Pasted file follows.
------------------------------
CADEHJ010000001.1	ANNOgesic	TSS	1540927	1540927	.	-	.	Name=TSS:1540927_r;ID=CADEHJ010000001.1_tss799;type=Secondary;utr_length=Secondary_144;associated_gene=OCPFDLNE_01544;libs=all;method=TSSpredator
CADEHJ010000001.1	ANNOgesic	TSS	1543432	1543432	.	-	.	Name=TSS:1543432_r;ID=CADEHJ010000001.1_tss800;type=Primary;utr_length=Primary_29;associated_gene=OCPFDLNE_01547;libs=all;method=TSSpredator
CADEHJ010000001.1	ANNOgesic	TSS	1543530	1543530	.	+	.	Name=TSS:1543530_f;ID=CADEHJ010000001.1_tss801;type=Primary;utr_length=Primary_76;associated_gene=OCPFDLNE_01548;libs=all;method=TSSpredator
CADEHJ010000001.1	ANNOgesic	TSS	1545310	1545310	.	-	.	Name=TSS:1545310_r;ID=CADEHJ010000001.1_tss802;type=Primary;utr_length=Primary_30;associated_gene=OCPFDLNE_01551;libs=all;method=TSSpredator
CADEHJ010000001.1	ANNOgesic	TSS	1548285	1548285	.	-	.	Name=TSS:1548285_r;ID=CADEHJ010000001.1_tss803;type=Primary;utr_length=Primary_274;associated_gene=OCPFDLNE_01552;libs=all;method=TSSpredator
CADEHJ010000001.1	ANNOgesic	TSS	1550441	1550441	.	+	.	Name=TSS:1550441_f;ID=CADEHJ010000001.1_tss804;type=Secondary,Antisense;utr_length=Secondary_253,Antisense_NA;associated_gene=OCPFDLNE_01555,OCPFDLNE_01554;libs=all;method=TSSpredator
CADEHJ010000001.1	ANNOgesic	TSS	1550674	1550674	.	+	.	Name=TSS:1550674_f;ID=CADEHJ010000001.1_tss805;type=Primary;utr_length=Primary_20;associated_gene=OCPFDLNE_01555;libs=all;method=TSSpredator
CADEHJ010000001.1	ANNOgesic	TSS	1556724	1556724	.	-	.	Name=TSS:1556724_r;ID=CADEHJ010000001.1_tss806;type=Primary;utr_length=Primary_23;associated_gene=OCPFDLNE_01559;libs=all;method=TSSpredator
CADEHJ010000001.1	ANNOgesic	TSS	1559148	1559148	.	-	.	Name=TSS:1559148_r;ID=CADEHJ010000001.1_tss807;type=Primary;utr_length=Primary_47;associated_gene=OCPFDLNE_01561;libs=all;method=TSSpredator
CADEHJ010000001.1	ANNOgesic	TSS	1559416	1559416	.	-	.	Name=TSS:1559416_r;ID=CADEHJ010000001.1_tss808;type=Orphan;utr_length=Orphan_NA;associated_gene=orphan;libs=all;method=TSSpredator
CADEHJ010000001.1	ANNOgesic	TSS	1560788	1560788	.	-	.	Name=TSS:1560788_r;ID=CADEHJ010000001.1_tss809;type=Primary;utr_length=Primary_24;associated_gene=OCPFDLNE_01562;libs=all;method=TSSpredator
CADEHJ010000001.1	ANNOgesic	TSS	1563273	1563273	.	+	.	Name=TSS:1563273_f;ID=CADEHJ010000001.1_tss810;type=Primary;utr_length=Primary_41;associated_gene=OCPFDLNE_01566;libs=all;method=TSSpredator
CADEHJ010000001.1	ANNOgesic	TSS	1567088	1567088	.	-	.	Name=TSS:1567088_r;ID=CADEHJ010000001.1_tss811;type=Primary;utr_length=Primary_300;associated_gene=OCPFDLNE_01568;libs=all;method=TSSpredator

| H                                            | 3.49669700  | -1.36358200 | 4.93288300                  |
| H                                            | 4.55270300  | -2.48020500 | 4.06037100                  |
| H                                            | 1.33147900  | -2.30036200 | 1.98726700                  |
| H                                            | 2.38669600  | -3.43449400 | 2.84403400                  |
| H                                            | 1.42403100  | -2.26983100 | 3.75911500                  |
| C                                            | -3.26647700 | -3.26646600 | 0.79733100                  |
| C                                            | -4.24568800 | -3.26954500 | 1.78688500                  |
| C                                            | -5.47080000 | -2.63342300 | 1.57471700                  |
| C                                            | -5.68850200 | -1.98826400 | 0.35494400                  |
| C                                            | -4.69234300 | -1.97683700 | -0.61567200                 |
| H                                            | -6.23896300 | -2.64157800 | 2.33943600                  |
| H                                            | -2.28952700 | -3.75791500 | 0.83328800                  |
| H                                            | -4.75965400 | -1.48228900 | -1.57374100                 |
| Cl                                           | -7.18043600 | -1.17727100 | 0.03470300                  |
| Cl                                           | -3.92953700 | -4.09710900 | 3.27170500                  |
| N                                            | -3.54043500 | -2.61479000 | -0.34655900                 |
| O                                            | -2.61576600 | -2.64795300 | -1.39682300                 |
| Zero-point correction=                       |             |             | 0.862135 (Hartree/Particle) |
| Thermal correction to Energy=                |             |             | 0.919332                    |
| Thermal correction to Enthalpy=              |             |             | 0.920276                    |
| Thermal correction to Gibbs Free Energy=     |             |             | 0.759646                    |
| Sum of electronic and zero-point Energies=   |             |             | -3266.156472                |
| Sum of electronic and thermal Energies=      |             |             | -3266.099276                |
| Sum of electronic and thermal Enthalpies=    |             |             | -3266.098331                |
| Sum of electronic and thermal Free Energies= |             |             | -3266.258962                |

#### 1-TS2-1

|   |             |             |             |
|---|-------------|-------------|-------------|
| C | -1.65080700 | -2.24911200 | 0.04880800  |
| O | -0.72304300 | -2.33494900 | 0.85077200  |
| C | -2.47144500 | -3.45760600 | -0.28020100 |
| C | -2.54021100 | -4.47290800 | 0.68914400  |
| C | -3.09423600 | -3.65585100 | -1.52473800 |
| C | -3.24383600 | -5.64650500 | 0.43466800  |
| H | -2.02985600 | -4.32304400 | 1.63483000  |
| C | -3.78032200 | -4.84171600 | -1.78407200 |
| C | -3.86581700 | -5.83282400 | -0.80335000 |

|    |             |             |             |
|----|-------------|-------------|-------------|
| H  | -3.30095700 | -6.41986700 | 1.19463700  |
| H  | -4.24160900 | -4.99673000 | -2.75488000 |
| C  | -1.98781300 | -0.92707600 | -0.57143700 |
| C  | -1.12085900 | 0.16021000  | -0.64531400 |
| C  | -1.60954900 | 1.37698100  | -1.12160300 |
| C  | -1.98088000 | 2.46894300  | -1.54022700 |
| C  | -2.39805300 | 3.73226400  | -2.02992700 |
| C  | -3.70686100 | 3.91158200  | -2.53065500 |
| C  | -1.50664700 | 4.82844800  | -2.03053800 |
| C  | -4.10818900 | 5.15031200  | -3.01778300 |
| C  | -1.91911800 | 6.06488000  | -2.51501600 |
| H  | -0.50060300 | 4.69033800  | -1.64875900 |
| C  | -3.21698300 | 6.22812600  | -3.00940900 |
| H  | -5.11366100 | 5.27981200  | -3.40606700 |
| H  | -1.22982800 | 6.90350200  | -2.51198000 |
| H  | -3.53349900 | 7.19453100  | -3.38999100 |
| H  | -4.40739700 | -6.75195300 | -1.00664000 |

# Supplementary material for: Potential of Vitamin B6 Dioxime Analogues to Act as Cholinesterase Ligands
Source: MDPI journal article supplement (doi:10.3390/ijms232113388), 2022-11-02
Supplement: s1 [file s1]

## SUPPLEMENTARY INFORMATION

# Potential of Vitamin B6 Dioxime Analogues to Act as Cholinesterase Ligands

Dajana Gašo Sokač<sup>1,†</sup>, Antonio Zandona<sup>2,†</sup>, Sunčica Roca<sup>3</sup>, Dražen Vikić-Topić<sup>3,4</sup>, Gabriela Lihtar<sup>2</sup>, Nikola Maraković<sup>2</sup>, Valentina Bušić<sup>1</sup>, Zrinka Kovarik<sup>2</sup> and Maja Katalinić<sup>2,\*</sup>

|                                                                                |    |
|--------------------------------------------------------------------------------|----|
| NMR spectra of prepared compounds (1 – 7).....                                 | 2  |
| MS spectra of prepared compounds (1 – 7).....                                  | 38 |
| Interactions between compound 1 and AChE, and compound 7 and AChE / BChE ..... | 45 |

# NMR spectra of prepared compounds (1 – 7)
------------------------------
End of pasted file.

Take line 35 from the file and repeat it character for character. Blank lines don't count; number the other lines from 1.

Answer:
| Sum of electronic and zero-point Energies=   |             |             | -3266.156472                |